Rudolf Hoess, SS commandant at Auschwitz, in his statement to the War Crimes Tribunal: "This so called ill treatment and torture in detention centres, stories of which were spread everywhere among the people, and later by the prisoners who were freed were not, as some assumed, inflicted methodically, but were excesses committed by individual prison guards, their deputies, and men who laid violent hands on the detainees."

Vladimir Nabokov, Russian-born U.S. novelist, poet: "While the system of holding people in hostage is as old as the oldest war, a fresher note is introduced when a tyrannic state is at war with its own subjects and may hold any citizen in hostage with no law to restrain it."

Carl Jung: "The healthy man does not torture others - generally it is the tortured who turn into torturers."

Ed Markey: "The war against terrorism is a war against those who engage in torture."

Ida B. Wells: "Brave men do not gather by thousands to torture and murder a single individual, so gagged and bound he cannot make even feeble resistance or defense."

7 Comments:

Blogger Rob the Webkahunah said...

Don't forget my favorite: "the principles of freedom must apply to everyone, or they are meaningless"- James T. Kirk, The Omega Glory

1:57 PM  
Blogger Melinda Barton said...

Heh... I was thinking of using this one: A matter of internal security: the age-old cry of the oppressor. Capt. Jean-Luc Picard, Star Trek: The Next Generation Episode: The Hunted

2:29 PM  
Blogger Canardius said...

i am not ssure it was M. Tullius Cicero, but will check. and i hink it was "laws are silent" -- nominative plural leges.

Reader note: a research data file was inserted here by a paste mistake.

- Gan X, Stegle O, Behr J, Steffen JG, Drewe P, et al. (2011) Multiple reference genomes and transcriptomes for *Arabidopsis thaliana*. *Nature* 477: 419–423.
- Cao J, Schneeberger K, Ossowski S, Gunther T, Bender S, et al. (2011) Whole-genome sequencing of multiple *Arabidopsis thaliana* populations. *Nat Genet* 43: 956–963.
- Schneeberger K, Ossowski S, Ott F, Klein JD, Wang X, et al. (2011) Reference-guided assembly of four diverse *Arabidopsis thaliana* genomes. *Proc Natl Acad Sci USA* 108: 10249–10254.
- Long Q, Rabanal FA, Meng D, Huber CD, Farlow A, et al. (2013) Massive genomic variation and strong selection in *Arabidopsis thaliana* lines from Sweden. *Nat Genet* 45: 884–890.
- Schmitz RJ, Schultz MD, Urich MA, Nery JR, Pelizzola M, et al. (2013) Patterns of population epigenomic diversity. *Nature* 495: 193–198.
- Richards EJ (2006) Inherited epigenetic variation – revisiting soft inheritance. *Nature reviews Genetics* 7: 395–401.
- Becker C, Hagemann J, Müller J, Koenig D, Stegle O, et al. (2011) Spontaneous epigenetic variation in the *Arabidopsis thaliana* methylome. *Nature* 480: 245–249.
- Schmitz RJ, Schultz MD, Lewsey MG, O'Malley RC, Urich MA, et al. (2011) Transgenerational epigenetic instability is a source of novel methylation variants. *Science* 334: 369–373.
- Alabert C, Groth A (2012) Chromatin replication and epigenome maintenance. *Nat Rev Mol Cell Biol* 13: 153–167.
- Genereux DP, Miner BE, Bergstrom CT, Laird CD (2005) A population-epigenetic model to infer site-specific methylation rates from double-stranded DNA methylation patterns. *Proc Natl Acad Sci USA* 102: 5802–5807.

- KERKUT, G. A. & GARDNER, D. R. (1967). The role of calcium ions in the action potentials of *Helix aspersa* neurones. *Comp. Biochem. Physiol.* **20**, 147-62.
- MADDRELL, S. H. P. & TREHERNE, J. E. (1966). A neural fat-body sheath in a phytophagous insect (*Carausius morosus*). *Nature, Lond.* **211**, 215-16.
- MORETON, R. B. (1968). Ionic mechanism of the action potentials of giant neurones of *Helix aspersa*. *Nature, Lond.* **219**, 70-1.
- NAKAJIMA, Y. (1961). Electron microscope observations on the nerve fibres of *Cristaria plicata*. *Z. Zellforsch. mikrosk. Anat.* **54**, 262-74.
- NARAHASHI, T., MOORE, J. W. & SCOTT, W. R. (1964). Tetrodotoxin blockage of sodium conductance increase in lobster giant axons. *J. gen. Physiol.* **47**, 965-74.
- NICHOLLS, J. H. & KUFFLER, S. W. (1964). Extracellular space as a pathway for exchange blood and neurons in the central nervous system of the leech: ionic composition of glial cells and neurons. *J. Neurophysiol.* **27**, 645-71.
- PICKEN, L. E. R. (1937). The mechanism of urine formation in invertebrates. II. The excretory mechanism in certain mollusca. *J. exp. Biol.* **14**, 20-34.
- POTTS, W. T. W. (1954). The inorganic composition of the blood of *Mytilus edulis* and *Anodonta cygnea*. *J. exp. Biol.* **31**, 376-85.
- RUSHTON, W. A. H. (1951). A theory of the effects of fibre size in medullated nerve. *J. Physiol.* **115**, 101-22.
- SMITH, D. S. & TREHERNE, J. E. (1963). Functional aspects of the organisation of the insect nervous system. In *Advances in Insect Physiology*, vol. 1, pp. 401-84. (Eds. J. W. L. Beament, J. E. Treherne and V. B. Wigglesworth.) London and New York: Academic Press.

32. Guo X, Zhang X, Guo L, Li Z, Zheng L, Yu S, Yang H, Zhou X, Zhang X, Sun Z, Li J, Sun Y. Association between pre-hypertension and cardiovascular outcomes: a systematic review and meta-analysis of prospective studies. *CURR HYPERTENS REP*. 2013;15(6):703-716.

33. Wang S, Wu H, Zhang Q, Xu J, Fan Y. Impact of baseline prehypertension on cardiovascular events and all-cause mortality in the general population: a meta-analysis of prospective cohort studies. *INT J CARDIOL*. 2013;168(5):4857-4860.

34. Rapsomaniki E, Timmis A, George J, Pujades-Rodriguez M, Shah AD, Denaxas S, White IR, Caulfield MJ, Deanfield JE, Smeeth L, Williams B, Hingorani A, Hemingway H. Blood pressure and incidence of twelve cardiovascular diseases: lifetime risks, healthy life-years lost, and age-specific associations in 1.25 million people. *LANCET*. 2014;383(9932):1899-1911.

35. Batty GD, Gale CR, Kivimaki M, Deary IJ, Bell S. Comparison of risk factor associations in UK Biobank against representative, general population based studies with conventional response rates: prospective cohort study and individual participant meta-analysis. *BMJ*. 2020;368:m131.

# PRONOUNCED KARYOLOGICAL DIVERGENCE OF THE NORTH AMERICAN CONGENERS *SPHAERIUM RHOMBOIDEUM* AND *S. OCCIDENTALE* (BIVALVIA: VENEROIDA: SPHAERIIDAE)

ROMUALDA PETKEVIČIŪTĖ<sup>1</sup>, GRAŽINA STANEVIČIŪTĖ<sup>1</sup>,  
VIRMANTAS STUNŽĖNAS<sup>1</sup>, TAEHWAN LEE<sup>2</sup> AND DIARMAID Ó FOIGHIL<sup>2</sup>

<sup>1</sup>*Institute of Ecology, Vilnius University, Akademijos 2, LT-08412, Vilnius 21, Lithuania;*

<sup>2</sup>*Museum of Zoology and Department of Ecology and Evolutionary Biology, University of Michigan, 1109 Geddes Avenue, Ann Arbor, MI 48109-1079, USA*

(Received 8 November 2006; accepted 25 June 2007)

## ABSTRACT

Tiberius Canardius Caesar, flamen Melindis

10:00 AM  
Blogger Canardius said...

oh, a flamen is priest of a roman god, like flamen Martialis was priest of Mars. When Caesar was killed, Antony made an office called flamen Julianis, priest of [the divine] Julius.

10:03 AM  
Blogger Canardius said...

Your continued donations keep Wikipedia running!
Inter arma enim silent leges
From Wikipedia, the free encyclopedia
Jump to: navigation, search
Inter arma enim silent leges is a Latin phrase meaning "In the face of arms, the law falls mute," although it is more popularly rendered as "In time of war, the laws fall silent." This maxim was likely first written in these words by Cicero in his published oration Pro Milone, although Cicero's actual wording was "Silent enim leges inter arma."

At the time when Cicero used this phrase, mob violence was common. Armed gangs led by thuggish partisan leaders controlled the streets of Rome. Such leaders were nevertheless elected to high offices, and maintained close ties to more respectable citizens. One such gang leader, the praetor Titus Annius Milo, was put on trial for the murder of his rival and political enemy, Publius Clodius Pulcher. Milo defended himself by admitting that he was responsible for the illegal killing of Clodius, but that his actions were nevertheless justifiable since Clodius had reportedly been planning to kill him first. Since Cicero was an ally of Milo and archenemy of Clodius, he spoke in Milo's defence before the Senate. Thus Cicero used this maxim to argue that laws should not be strictly observed when a person's life is threatened.